Rainbow Valley

Front Cover
1st World Library, Jun 15, 2007 - 304 pages
4 Reviews
It was a clear, apple-green evening in May, and Four Winds Harbour was mirroring back the clouds of the golden west between its softly dark shores. The sea moaned eerily on the sand-bar, sorrowful even in spring, but a sly, jovial wind came piping down the red harbour road along which Miss Cornelia's comfortable, matronly figure was making its way towards the village of Glen St. Mary. Miss Cornelia was rightfully Mrs. Marshall Elliott, and had been Mrs. Marshall Elliott for thirteen years, but even yet more people referred to her as Miss Cornelia than as Mrs. Elliott. The old name was dear to her old friends, only one of them contemp-tuously dropped it. Susan Baker, the gray and grim and faithful handmaiden of the Blythe family at Ingleside, never lost an opportunity of calling her "Mrs. Marshall Elliott," with the most killing and pointed emphasis, as if to say "You wanted to be Mrs. and Mrs. you shall be with a vengeance as far as I am concerned."

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User Review  - Hannah Daulton - Christianbook.com

"Rainbow valley" is a wonderful book just to sit down on a quiet evening and read. It is mostly about Anne's children's adventures, with a little romance mixed in as well. I would recomend this book to people ages 9 and up. Read full review

User Review - Flag as inappropriate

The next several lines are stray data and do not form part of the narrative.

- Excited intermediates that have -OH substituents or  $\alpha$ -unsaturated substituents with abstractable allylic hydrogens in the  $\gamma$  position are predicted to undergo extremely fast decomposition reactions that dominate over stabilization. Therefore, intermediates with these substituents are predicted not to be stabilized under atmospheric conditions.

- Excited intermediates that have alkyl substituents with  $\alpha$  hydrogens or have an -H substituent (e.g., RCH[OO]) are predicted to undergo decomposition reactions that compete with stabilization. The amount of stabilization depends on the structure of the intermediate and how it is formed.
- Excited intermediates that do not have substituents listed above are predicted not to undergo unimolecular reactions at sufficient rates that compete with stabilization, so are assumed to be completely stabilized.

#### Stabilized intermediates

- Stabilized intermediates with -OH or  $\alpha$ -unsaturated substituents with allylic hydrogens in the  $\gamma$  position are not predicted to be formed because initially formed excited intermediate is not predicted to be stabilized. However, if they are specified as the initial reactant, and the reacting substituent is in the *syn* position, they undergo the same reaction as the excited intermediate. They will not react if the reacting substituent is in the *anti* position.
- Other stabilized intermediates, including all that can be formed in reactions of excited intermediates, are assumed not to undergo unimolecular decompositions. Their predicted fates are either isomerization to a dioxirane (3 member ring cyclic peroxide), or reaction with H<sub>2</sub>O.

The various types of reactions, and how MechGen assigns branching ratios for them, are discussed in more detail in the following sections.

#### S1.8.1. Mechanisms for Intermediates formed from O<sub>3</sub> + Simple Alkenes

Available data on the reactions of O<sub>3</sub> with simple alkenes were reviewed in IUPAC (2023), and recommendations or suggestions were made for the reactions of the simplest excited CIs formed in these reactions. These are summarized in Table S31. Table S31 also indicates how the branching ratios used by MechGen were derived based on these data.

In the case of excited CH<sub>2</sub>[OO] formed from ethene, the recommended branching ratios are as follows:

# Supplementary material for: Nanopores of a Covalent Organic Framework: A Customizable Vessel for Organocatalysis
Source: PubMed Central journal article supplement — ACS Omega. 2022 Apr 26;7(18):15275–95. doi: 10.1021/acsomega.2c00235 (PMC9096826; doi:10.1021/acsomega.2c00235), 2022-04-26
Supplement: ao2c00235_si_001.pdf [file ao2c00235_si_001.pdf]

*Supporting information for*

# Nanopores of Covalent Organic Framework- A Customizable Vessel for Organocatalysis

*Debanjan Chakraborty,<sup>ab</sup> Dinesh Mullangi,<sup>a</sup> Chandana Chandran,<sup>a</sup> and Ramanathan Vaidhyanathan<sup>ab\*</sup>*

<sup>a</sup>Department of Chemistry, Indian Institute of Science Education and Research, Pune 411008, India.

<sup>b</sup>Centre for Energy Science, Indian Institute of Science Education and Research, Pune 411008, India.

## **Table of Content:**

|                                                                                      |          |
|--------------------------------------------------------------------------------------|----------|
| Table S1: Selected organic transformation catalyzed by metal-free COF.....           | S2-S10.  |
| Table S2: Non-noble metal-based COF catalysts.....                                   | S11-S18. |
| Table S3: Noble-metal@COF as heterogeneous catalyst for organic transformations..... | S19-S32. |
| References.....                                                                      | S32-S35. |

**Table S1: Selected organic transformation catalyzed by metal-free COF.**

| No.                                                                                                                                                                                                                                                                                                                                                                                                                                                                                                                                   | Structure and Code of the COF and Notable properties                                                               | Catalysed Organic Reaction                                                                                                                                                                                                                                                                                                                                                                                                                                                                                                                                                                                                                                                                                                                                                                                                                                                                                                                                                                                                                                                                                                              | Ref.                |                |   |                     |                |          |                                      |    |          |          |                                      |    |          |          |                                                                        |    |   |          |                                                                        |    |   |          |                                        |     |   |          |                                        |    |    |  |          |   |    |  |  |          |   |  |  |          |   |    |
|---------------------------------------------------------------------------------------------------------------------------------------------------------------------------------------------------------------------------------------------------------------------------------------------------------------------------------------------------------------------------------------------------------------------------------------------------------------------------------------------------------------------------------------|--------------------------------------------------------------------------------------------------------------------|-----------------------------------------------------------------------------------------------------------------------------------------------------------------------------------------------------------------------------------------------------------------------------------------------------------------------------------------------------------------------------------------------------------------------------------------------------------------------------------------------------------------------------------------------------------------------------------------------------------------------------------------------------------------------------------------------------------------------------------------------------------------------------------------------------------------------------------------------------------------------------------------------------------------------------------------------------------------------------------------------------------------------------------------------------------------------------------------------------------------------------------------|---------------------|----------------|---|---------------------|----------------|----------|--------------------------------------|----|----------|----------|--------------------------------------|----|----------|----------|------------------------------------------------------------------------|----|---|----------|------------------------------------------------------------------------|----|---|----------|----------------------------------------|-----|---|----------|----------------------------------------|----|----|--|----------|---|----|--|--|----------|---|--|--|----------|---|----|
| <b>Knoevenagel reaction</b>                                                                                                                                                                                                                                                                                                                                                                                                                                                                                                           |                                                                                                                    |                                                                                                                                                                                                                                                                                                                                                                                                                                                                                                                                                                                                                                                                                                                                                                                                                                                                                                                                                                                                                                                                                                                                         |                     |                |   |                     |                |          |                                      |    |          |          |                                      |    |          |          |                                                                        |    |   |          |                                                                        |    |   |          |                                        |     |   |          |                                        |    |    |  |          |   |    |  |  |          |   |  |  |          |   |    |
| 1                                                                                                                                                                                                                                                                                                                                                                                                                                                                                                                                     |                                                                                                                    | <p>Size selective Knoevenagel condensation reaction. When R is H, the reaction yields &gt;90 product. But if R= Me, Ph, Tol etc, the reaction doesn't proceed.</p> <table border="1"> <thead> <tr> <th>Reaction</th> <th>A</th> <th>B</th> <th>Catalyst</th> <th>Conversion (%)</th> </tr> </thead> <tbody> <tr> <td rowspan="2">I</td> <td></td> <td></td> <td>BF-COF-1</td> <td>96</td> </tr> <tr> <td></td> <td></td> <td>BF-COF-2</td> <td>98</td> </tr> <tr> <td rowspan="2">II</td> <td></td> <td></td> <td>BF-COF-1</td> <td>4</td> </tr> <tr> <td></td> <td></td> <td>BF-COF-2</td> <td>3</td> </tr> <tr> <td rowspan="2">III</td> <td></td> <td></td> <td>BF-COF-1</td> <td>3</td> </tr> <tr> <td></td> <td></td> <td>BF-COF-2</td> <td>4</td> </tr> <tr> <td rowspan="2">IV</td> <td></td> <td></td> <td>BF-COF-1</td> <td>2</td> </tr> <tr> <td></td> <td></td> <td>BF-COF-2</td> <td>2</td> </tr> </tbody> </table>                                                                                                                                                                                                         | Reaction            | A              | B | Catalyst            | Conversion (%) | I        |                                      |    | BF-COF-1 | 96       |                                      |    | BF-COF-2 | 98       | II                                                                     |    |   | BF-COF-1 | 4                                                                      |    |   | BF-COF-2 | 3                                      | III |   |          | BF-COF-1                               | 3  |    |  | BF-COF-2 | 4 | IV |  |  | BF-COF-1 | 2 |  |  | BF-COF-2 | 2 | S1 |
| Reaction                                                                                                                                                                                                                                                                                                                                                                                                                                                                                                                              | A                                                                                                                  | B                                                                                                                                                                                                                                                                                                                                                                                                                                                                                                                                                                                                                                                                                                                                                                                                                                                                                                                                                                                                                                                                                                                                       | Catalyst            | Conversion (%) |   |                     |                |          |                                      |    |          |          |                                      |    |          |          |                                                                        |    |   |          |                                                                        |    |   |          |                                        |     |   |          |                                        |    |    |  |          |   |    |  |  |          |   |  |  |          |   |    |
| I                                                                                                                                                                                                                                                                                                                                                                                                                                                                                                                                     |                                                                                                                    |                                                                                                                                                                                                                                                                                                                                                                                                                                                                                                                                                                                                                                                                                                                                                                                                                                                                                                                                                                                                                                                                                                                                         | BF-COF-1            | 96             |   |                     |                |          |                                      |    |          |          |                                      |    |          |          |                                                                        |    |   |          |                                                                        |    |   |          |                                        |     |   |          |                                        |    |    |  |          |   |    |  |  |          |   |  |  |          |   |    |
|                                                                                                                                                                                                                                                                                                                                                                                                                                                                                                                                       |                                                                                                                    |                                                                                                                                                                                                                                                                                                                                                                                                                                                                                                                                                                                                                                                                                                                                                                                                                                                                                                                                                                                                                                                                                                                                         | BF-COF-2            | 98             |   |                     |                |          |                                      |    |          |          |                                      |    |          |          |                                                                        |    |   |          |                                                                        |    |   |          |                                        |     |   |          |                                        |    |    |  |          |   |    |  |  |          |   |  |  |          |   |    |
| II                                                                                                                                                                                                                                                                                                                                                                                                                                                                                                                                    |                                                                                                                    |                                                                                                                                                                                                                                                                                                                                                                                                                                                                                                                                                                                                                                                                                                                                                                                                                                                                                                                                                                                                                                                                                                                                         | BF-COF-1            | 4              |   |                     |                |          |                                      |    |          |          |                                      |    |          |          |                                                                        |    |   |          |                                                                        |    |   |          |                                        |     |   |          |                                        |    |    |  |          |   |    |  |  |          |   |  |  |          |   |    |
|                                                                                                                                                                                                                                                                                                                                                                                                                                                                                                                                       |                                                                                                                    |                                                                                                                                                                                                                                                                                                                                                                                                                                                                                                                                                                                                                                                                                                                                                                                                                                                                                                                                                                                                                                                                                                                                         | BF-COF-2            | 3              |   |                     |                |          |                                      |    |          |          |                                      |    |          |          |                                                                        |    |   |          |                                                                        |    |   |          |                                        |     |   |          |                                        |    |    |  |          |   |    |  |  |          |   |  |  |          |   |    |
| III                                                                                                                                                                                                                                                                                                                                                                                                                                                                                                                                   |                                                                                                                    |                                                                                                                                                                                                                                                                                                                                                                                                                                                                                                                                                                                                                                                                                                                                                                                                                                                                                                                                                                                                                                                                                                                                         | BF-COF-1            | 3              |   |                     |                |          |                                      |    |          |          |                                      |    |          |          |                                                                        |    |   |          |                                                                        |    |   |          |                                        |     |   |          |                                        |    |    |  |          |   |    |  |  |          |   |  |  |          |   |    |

This wasn't my favourite Green Gable book, I struggled to know where the book was going, & what the story line was, because it seemed to be a lot of short stories, rather than a novel. But as per usual, it had a happy ending, & that's what I like.

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About the author (2007)

Dr. Collett Tracey teaches Canadian literature at Carleton University. She brings her interest in Canadian modernism and women's writing to her introduction.

Lucy Maud Montgomery was born in Clifton (now New London), Prince Edward Island on November 30, 1874. Raised by her maternal grandparents, she attended Prince of Wales College in Charlottetown and obtained her teaching certificate. She later studied literature at Dalhousie University in Halifax. She eventually married Ewan Macdonald, a Presbyterian minister, and had 3 sons with him. She published 12 books in total and died in Toronto in 1942.

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